IKEA: You Give And You Take Away
Consider how a recent trip to the big box store provided an unexpected gift at an even more unexpected cost.
After a particularly harrowing weekend of emotional engagement, confusion, disappointment and unresolved tensions, I thought a trip to wander the living rooms and kitchens of #IKEA would be a welcomed retreat. I imagined the inspiration that would come from seeing how seemingly static décor elements could come together in surprising ways in the showrooms. And I knew that exploring an entire warehouse would provide enough inspiration and distraction to quell the flooding hyper arousal of emotions I was feeling. We headed south during heavy Sunday afternoon traffic in Seattle with rain pelting our windshield and the wipers on high. Karl and I verbally navigated much of the emotional content of the weekend on our drive. That processing provided some relief from the madness that goes on in my mind when I try to make sense of the relational dynamics that swirl around me. So, when we arrived, I was both at ease and excited to traverse the labyrinth that is a very large furniture warehouse.
IKEA recently built a new structure in our city and we have only visited once since the redesign. The now two-story building provided an even more maze-like path to circumvent. This evolution was an obstacle, albeit minor, in my creative path. But, neither the new terrain nor the high population per square area could deter me. Before moving to Seattle, I would have not been merely put out by crowds, but I would have maintained an offense that they existed at all. Wasn’t the grocery store meant to be completely empty so I could do all of my shopping alone? How dare there be a line at the drugstore when all I needed was to purchase some batteries (and the candy bar that was calling to me from the point-of-purchase display next to the register)! But living in an ever-growing urban environment has forcibly decreased my entitlement. I now expect drive times to be longer and people to abound more and more. I understand that I must wrestle with my environment alongside others to fully grasp what will fulfill my various needs.
With determination and anticipation, we entered the store, ascended the escalator and entered the gates of heaven. There, in every showroom, families congregated happily together. He was sitting in the accent chair. She was examining the Hemnes bookcase. He was inspecting the subway tile backsplash over the sink. She was admiring the somehow modern yet vintage chandelier. Together, they sat on couch cushions or ends of queen mattresses dreaming, imagining, negotiating. Karl and I joined them and excitedly ventured into the Willy Wonka warehouse for adults.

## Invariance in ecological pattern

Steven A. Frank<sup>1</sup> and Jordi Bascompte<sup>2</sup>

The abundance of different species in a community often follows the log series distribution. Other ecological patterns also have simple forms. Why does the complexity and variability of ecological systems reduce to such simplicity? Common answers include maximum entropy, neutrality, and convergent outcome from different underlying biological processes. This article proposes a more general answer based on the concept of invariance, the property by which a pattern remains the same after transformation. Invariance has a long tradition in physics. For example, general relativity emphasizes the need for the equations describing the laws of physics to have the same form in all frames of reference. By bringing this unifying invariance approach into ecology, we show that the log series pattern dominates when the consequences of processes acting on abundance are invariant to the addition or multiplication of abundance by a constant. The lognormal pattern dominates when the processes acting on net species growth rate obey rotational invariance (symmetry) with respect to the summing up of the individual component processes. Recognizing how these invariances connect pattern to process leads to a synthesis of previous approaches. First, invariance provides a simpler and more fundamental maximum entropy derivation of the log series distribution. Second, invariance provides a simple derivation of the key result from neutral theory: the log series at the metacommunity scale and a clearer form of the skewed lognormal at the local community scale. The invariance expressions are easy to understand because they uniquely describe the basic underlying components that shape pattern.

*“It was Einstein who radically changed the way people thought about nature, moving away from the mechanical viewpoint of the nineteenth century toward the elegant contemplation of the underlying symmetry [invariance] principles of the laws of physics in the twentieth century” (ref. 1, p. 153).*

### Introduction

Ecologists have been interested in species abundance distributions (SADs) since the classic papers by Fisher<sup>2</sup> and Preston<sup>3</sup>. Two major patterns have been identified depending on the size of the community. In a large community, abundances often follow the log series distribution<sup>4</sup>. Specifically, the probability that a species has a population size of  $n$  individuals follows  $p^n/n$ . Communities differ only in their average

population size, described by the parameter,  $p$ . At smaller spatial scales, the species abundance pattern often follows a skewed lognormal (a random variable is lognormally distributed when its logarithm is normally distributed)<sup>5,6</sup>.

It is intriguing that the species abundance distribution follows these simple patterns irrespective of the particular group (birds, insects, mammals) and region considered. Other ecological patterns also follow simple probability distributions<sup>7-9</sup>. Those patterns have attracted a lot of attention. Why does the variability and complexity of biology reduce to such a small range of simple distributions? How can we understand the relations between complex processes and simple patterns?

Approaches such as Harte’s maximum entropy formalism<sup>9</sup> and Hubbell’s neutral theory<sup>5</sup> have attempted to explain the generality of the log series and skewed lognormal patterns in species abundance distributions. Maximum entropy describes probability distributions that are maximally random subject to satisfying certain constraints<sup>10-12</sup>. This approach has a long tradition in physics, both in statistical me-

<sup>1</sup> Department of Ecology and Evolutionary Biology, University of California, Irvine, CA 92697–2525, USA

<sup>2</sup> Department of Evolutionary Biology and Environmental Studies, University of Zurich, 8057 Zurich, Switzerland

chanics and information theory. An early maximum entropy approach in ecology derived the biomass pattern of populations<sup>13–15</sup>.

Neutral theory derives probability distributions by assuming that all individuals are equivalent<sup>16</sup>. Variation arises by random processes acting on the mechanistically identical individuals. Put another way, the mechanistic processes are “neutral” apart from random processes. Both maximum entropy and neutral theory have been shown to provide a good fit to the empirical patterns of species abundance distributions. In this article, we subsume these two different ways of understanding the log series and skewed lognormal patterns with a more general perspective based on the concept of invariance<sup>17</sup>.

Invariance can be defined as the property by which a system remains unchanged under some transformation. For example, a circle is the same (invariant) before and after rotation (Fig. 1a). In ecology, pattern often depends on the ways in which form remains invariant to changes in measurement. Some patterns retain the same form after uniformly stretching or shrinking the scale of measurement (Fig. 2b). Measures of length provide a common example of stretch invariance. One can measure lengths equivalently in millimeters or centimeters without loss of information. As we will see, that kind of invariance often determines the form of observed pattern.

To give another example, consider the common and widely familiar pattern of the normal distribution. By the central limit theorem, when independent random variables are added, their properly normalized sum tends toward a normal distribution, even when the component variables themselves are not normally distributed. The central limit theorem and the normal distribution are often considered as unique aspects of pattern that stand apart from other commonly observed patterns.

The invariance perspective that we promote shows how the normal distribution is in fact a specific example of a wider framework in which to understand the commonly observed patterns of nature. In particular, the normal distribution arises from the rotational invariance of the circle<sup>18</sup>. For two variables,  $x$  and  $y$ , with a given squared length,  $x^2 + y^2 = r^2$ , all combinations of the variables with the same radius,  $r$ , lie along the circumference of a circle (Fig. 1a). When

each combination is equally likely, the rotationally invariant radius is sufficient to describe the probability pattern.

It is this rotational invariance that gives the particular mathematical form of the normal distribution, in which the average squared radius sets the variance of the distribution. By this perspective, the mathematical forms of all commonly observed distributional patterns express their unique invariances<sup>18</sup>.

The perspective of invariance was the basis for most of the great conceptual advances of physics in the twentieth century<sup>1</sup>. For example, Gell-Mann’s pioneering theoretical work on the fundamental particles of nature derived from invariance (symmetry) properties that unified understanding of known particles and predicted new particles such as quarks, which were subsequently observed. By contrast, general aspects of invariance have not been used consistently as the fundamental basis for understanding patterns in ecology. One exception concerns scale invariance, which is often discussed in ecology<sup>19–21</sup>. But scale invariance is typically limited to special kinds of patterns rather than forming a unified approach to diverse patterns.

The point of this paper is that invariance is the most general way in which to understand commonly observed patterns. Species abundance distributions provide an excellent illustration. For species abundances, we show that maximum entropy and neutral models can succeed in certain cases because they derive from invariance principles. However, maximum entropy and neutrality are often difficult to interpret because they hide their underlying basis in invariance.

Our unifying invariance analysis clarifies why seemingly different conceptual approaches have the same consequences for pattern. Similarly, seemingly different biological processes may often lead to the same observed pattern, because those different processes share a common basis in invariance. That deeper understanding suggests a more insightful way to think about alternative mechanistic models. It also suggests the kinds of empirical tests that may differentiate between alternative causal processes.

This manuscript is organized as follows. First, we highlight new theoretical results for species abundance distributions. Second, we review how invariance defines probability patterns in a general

Textures tempted our touch. Colors caressed our left-brains. The novelty of each design fed our bodies the dopamine it craved.
I was quickly submersed into a form of reverie that had eluded me all weekend. Worry was replaced with wonder. Preoccupation was replaced with imagination. Dread was replaced by desire. For the not-so-brief time I combed the halls of that gigantic furniture warehouse, I basked in possibility. I ushered in hope. I could, in those moments, completely grasp how creativity is the antidote to anxiety.
I define anxiety as a need to control all things. Whether concretely, or in my mind, I had been searching for control all weekend in the midst of the emotional upheaval surrounding me. I was mind-mapping strategies and drawing conclusions. I was grasping at assumptions and disregarding context. I was using all of my mental faculties to control my world and it was exhausting. Yet, had I simply gone to sleep, taken a nap and hoped it would all be over when I woke up, I would be exactly where I began. Instead, I followed an intuitive hunch that actually displaced the anxiety.
Others might think “shopping” is dissociative. And if it involved random purchases simply to fill a void and did not have a creative intent, I might agree. However, I could have purchased nothing (and in fact, only purchased a bookshelf I had been planning on buying) and I would have still reaped a reward. It was the act of submersing myself in an energy of creativity – both in the tangible environment and in the people who populated that place, where I didn’t check out from the war in my mind, but actually brought about a kind of soothing I needed to re-engage the battle.
At the end of our time, we waited in an impossibly long line that did require more soothing in the form of a cheap latte and ice cream cone. The trip cost us $169 for a Billy bookcase with the Oxberg glass doors. But overall, it gave me more than furniture, and took away more than money. I was given hope. And anxiety was displaced.